Treating a fever with medication like Advil or Tylenol is reflex action when we come down with colds and influenza. But could treating fevers actually worsen an illness and contribute to its spread in the population? That’s the impression you may have gained from the headlines and press last week, where antipyretics (fever-reducing medications) were described as some type of “anti-vaccine”:
Fever-reducing meds encourage spread of flu: McMaster report
Taking over-the-counter flu medication to cut your fever might help you feel better, but it might not be so good for the people you come into contact with.
When it comes to fever, your mother really did know what’s best
Who would have thought that the simple giving of a fever reducing agent, to either one of our family members or ourselves before we go off to school or work, may inadvertently lead to the death of someone that we see that day?
Use of fever-reducing drugs may lead to tens of thousands more influenza cases
The bottom line is that fever suppression increases the number of annual cases by approximately five per cent, corresponding to more than 1,000 additional deaths from influenza in a typical year across North America.
For the past 17 years Edge magazine has put an interesting question to a group of people they consider to be smart public intellectuals. This year’s question is: What Scientific Idea is Ready for Retirement? Several of the answers display, in my opinion, a hostility toward science itself. Two in particular aim their sights at science in medicine, the first by Dean Ornish, who takes issue with large randomized controlled clinical trials, and the second by Gary Klein, who has a beef with evidence-based medicine.
These responses do not come out of nowhere. The “alternative medicine” meme that has taken hold in the last few decades (a triumph of slick marketing over reason) is all about creating a double standard. There is regular medicine which needs to justify itself with rigorous science, and then there is alternative medicine, where the rules of evidence bend to the needs of the guru or snake oil salesperson.
We have been hearing arguments from alternative medicine proponents for years now for why the strict rules of science need to be relaxed or expanded. Andrew Weil has advocated for the use of “uncontrolled clinical observations,” (also known as anecdotes). David Katz advocates for a “more fluid concept of evidence.” Dr. Oz went as far as advocating outright medical relativism, saying. “You find the arguments that support your data, and it’s my fact versus your fact.” (more…)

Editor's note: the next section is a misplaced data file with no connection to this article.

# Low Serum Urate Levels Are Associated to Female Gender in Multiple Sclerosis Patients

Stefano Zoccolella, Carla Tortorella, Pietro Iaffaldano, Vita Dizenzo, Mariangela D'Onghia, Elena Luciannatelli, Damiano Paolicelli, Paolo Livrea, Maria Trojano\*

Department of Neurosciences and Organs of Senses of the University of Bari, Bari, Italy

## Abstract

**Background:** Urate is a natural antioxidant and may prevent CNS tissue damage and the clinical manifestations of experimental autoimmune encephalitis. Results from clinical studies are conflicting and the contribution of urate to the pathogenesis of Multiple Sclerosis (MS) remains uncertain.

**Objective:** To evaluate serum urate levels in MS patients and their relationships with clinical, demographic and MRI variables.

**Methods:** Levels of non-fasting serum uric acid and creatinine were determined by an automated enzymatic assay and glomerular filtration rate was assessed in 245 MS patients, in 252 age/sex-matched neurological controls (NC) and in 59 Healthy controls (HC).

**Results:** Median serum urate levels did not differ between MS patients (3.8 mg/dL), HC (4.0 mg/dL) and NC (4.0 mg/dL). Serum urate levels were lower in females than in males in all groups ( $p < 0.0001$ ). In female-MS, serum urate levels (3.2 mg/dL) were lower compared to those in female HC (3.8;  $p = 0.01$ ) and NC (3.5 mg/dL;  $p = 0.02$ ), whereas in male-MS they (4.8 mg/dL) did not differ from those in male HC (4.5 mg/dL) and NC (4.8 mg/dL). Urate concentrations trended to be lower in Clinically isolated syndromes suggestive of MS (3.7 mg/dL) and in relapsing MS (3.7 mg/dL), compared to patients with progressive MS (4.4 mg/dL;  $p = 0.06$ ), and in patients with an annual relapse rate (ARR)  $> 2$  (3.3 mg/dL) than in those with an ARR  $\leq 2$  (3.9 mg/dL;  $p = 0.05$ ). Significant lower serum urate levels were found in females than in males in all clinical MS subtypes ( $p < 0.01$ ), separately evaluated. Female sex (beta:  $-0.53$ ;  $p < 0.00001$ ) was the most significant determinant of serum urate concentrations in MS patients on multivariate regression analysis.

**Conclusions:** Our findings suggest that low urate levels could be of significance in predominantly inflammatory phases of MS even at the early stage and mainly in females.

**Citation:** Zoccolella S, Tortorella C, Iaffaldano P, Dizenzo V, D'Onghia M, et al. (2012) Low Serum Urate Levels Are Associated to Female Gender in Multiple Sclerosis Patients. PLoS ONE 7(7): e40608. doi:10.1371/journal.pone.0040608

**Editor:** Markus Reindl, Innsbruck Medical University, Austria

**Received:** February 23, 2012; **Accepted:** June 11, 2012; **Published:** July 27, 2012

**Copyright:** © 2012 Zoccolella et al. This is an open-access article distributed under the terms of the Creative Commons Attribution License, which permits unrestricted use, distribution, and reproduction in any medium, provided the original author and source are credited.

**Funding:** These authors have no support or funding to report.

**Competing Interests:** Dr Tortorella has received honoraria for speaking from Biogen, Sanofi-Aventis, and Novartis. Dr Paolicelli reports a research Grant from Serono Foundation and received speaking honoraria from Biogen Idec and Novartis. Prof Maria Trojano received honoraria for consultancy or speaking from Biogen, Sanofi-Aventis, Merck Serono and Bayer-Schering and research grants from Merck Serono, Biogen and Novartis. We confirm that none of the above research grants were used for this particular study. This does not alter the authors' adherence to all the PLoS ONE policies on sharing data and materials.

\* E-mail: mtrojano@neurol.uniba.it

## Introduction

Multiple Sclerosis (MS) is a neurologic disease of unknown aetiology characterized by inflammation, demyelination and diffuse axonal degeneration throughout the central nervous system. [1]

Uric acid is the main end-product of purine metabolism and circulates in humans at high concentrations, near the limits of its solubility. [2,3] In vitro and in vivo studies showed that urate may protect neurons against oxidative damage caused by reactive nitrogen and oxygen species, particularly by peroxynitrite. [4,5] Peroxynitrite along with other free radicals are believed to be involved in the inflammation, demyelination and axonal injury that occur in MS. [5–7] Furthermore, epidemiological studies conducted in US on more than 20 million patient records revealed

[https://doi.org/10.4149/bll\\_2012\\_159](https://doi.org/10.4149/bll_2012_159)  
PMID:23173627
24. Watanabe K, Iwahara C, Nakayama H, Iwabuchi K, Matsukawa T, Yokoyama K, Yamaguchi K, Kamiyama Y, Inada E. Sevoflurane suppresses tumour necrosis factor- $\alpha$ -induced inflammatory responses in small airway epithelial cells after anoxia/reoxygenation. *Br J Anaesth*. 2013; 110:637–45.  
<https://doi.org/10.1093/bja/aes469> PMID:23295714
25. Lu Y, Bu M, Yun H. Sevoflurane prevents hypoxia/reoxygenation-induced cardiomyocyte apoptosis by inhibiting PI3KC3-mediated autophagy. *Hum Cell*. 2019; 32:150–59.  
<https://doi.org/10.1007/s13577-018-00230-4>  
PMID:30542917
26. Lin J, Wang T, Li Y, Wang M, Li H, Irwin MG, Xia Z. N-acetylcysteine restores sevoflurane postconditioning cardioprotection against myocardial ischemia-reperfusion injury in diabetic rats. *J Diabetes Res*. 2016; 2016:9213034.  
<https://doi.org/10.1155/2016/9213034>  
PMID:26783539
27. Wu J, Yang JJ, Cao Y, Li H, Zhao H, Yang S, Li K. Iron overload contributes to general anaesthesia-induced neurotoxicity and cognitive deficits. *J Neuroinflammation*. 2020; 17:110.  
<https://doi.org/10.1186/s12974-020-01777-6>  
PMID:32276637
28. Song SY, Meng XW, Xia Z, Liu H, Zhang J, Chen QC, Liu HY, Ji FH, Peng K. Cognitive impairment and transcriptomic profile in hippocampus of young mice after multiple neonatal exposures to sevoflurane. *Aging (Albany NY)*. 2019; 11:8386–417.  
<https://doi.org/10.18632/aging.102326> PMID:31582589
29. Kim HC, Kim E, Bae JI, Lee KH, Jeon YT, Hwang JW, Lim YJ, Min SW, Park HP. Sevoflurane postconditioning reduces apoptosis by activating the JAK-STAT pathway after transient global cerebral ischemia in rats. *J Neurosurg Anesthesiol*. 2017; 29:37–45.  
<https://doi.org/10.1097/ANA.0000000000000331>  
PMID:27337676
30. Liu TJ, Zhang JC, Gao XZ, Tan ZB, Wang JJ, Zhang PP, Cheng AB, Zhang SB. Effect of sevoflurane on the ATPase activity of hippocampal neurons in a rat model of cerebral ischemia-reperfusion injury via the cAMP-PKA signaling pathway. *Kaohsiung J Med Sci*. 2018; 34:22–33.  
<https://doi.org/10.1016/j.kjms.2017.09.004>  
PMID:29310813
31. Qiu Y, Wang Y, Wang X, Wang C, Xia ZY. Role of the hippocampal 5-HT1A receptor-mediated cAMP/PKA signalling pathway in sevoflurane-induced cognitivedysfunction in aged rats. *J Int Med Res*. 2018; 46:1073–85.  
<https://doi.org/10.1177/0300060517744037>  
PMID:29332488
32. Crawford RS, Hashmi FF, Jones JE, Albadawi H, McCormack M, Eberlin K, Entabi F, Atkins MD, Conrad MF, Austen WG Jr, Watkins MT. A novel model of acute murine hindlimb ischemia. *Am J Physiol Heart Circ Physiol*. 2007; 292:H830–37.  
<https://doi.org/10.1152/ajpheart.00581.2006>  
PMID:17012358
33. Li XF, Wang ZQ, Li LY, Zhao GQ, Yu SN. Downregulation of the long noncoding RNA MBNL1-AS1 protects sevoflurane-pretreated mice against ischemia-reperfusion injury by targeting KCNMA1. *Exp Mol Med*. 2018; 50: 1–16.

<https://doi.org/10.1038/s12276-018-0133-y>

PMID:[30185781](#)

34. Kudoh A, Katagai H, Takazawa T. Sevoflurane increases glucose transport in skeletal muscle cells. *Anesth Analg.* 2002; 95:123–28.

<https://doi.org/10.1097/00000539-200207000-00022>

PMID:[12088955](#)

It’s the time of year where if you’re not sick, someone you know probably is. The influenza season in the Northern hemisphere started out slowly, but seems to be accelerating and hasn’t peaked yet. Add that to cold viruses circulating, and you get the peak purchasing period for cough and cold remedies. John Snyder gave a nice summary of the evidence base for the common treatments a few weeks ago. In short, despite all the advertising, there is little evidence to suggest that most of the “tried and true” products we’ve used for decades have any effect on our symptoms. One of the most sensible developments that’s occurred over the past few years has been the discontinuation or relabeling (depending on your country) of cough and cold products for children. The rationale to pull these products is compelling: Cough and cold remedies have a long history of use, and were sold without prescriptions before current regulatory standards were in place. They were effectively grandfathered onto the marketplace. When it comes to their use in children, the data are even more limited. There are few published trials and the results are complicated by different age groups, irregular dosing, lack of placebo control, and very small patient numbers. What’s even harder to believe was that doses were based mainly on expert opinion, not data, and generally didn’t consider that children don’t handle drugs the way adults do. So why withdraw them from pediatric use, but not adult use? Like most regulation, it comes down to risk and benefit. Both are troubling for pediatric use. (more…)
Let’s conduct a little thought experiment. First, for the sake of this thought experiment let’s assume that you have no morals, ethics, or conscience. You are comfortable lying to people, even if they are sick, and even if it will harm their health.
Your task is to get as many people as possible to believe that small bits of plastic can improve their health and treat their symptoms. This is not as difficult as it may at first appear, and the payout can be huge. Small plastic stickers can be mass produced for pennies. The primary investment will be creating and maintaining a website. Then, if you can get people to believe that the plastic stickers are magical, the money will come rolling in.
What claims should we make for the stickers? Let’s stay away from anything that has an objective outcome, so we won’t claim that they can be used as an antibiotic to treat pneumonia, or as a way to treat heart attacks. I also understand that in the US and other countries, they take a close look at claims made to treat specific diseases, but you can make vague “structure function” claims with abandon, so let’s go with those. We can always imply that they are effective for diseases, even serious ones like cancer. (more…)